‘Howl’ for the Opening Night feature | ParkRecord.com

‘Howl’ for the Opening Night feature

Alisha Self, Of the Record staff

Rob Epstein and Jeffrey Friedman are no strangers to the Sundance Film Festival. The Oscar-winning documentarians have premiered three films together in the past.

This year, however, their Sundance experience is sure to be a bit different. Epstein and Friedman are the writers and directors of "Howl," the Allen Ginsberg biopic that has been selected as one of the Opening Night films.

To have their film kick off the Dramatic Competition is "a dream come true," says Epstein. "Sundance is really where we wanted to launch the film it’s an independent film, it was made in that spirit so we feel it’s the perfect home for it to have its debut," he says.

Epstein and Friedman joined forces in filmmaking more than 20 years ago. Since then, they have collaborated on a variety of projects, from episodes for the History Channel to "Paragraph 175," the 2000 Sundance jury prize documentary that explores the experiences of homosexuals during the Nazi regime.

"Howl" marks the duo’s first foray into narrative features. According to Friedman, Ginsberg’s estate approached them about five years ago (or, by Epstein’s count, eight years ago) with the idea for a film about the poet’s signature piece, "Howl."

"The name Allen Ginsberg conjures up all sorts of images and questions and thoughts and responses, so that alone intrigued us," Epstein says. "It became a challenge like a puzzle, trying to figure out how to take the poem and make it cinematic and tell this one piece of Allen’s story in a way that could work as a movie."

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Ginsberg’s poem sparked a literary and social revolution. "I think one of the appeals was that the poem and Allen’s writing of the poem to us sort of represented the first inklings of the counterculture, so it seemed like a really important moment to try to memorialize," says Freidman.

When Ginsberg penned "Howl" in 1955, it was considered obscene because of the homoerotic connotations. Ginsberg was taken to court on charges of obscenity in 1957, but emerged victorious and became one of the most influential poets of the Beat Generation.

Epstein and Friedman considered many different avenues in translating Ginsburg’s work to the screen. At first, they thought the project might be documentary fodder. "One of the reasons we ended up making a dramatic film was that there just wasn’t that much material for a documentary, so we had to create it," says Epstein.

They started writing the script about two years ago and attended a Sundance Institute Screenwriters Lab last year. "In terms of the writing, it was really breaking the poem down into thematics trying to pull out what we thought of as the key themes to the poem," explains Epstein.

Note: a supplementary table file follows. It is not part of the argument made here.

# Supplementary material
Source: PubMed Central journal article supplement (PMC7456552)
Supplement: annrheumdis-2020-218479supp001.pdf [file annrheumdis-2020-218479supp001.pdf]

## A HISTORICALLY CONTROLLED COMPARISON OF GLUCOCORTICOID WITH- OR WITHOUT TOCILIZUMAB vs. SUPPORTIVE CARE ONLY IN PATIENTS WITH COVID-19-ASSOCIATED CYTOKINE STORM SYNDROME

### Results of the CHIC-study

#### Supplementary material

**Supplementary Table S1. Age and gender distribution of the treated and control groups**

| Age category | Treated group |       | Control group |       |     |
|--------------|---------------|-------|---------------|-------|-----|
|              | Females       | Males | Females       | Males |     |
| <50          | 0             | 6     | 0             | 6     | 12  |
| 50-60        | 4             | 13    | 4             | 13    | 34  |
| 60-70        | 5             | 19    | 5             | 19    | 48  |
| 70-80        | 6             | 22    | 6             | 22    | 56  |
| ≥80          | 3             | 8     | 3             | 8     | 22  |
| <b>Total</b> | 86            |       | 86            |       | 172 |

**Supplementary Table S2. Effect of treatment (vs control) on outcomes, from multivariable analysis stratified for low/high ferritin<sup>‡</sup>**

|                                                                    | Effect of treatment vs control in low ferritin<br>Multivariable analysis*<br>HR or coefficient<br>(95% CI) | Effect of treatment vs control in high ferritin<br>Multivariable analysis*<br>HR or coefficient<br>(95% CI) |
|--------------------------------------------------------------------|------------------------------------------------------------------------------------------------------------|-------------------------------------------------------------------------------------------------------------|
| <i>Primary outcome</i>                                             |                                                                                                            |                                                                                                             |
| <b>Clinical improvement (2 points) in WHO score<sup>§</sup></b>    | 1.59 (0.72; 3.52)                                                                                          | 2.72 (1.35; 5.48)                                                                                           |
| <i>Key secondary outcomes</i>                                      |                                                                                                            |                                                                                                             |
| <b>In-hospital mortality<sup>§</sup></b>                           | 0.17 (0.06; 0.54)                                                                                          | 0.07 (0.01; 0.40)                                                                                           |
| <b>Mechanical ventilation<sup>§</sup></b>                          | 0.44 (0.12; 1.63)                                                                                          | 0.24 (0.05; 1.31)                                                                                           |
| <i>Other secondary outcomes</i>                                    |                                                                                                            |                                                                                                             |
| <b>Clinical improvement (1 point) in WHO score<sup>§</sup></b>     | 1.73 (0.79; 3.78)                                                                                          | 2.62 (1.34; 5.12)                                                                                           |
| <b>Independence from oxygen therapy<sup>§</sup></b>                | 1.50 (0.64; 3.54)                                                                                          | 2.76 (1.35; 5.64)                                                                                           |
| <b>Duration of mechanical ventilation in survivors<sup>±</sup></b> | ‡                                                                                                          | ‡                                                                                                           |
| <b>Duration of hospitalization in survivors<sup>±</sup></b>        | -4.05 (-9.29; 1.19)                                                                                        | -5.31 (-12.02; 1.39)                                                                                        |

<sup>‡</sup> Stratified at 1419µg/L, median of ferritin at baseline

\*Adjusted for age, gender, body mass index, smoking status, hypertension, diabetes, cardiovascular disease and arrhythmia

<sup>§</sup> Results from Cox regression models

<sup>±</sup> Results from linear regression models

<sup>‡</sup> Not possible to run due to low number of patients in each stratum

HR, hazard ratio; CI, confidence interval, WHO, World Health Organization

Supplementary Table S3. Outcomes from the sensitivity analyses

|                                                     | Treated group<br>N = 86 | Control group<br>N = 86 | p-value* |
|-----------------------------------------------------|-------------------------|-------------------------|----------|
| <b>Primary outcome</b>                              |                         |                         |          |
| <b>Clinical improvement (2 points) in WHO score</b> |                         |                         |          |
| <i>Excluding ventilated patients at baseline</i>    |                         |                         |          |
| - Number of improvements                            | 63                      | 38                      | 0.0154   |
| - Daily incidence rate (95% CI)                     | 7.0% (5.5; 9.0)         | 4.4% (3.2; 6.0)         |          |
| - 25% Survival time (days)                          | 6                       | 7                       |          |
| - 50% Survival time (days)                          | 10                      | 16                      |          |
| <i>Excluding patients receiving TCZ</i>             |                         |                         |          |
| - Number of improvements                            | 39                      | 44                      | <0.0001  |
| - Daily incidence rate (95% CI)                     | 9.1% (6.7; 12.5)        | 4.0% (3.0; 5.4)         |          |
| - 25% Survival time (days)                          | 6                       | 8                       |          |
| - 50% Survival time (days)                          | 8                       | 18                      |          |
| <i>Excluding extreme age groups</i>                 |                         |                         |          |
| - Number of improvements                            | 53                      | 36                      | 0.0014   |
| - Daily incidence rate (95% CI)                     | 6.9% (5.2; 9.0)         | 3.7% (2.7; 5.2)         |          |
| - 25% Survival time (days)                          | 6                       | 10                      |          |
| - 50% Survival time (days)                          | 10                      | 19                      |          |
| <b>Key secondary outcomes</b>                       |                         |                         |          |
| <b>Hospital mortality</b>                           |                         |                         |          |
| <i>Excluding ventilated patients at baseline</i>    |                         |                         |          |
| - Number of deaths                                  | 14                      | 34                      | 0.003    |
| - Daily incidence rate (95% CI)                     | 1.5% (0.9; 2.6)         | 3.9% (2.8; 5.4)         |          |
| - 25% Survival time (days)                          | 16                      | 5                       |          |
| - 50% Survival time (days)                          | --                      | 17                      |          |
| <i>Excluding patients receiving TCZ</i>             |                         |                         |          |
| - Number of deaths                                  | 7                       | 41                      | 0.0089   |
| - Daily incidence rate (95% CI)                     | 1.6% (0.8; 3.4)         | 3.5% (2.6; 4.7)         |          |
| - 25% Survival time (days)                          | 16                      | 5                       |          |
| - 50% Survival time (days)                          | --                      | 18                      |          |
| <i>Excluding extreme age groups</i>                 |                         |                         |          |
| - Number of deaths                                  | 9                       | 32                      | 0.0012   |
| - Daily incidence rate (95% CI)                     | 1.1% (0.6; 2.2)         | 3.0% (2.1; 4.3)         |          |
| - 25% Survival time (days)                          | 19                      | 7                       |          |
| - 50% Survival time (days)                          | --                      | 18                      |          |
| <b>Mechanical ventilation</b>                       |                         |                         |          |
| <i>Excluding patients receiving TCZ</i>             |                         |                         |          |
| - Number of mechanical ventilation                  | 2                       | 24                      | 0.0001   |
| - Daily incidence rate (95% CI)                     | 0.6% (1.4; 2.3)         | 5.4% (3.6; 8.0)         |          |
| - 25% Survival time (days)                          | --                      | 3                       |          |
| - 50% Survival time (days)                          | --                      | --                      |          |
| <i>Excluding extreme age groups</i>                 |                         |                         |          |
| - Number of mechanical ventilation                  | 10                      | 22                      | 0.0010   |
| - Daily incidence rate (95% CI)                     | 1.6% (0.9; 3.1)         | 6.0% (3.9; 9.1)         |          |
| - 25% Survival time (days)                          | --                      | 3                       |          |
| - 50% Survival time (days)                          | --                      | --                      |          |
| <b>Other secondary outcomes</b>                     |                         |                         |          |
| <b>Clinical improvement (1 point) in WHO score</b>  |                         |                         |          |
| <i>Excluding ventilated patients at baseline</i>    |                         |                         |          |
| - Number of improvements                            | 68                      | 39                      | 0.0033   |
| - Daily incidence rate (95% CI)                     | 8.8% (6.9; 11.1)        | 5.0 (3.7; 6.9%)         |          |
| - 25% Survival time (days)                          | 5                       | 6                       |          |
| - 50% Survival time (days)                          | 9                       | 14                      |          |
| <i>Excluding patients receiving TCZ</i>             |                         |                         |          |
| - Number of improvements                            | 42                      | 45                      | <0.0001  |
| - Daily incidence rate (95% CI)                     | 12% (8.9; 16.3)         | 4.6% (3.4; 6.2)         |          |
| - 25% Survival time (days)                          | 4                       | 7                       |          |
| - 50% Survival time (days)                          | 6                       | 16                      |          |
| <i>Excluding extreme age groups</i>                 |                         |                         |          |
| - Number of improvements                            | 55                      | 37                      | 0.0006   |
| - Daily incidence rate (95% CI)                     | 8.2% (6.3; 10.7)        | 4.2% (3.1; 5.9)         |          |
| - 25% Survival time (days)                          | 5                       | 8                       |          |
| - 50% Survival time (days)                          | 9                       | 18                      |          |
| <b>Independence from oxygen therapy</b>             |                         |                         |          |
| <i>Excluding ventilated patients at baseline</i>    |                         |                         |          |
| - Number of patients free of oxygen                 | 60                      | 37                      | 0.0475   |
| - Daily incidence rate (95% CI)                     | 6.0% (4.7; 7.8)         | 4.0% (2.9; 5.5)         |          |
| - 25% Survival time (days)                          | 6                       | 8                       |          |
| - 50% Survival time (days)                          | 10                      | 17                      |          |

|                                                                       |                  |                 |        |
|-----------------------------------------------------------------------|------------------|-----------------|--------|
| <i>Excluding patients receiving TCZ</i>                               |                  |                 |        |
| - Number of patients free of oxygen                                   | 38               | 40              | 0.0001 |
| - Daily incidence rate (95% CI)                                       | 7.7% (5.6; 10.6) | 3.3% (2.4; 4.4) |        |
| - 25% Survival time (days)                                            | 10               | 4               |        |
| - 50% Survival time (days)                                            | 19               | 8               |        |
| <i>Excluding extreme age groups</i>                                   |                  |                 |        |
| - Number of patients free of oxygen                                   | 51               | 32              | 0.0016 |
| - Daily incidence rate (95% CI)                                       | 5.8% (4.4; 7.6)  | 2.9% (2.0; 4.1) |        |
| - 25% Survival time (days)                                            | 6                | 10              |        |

"We approached it as we approach our documentaries," adds Freidman. "We started by doing a lot of research we read a lot of interviews with Allen that had been published, we went through the trial transcripts there was a wealth of material in both of those that became distinct elements in the film."

The filmmakers decided to focus on Ginsberg’s life from 1950 to 1957, including the events leading up to writing the poem and the ensuing obscenity trial.

Once the script was finished, Epstein and Friedman started to hear from actors who were interested in the project. "We didn’t have any expectation, but great hopes," says Epstein. "We just didn’t know how people would respond to the idea of us directing a dramatic film coming from our documentary background but, in fact, all the actors mentioned that as part of the reason they were interested."

The principal cast includes James Franco (as Ginsberg), David Strathairn, Jon Hamm, Bob Balaban, Alessandro Nivola, Treat Williams, Mary-Louise Parker and Jeff Daniels. Werc Werk Works, an independent production and finance company based in Minnesota, produced the project along with executive producers Gus Van Sant and Jawal Nga.

"Ultimately it’s a great tribute to Ginsberg," says Epstein. "People really just believed in getting this story out there and they liked our approach."

Anther reason many people were drawn to the film is its connection to the current debates about censorship and freedom of speech. "Those first-amendment issues are what drew the producers initially to the project," says Epstein. "[Werc Werk Works CEO] Elizabeth Redleaf and [President] Christine Walker were very excited by the idea that this film was addressing those issues in a narrative way."

"Everything felt like déjà vu, including the content of the poem," adds Friedman. "The issues that compelled Allen to write the poem are still very much part of the national conversation."

Now that production is finished and the fruits of their labor have been recognized, Epstein and Freidman can take a deep breath and enjoy their nonfiction feature debut. "Until you’re in that director’s seat, you don’t know what that experience is going to be, but it was a great one," says Epstein. "We had a really fun time making the movie. It was just one of those projects that things came together for."

"Howl" will receive its world premiere at The Eccles Center Theatre on Thursday, Jan. 21, at 6 p.m. and will screen throughout the festival as part of the dramatic competition. Epstein and Freidman, along with many of the cast members, will be in attendance on Opening Night. "We’re hoping it’s unlike anything audiences have seen before and that they’ll enjoy it," says Friedman.

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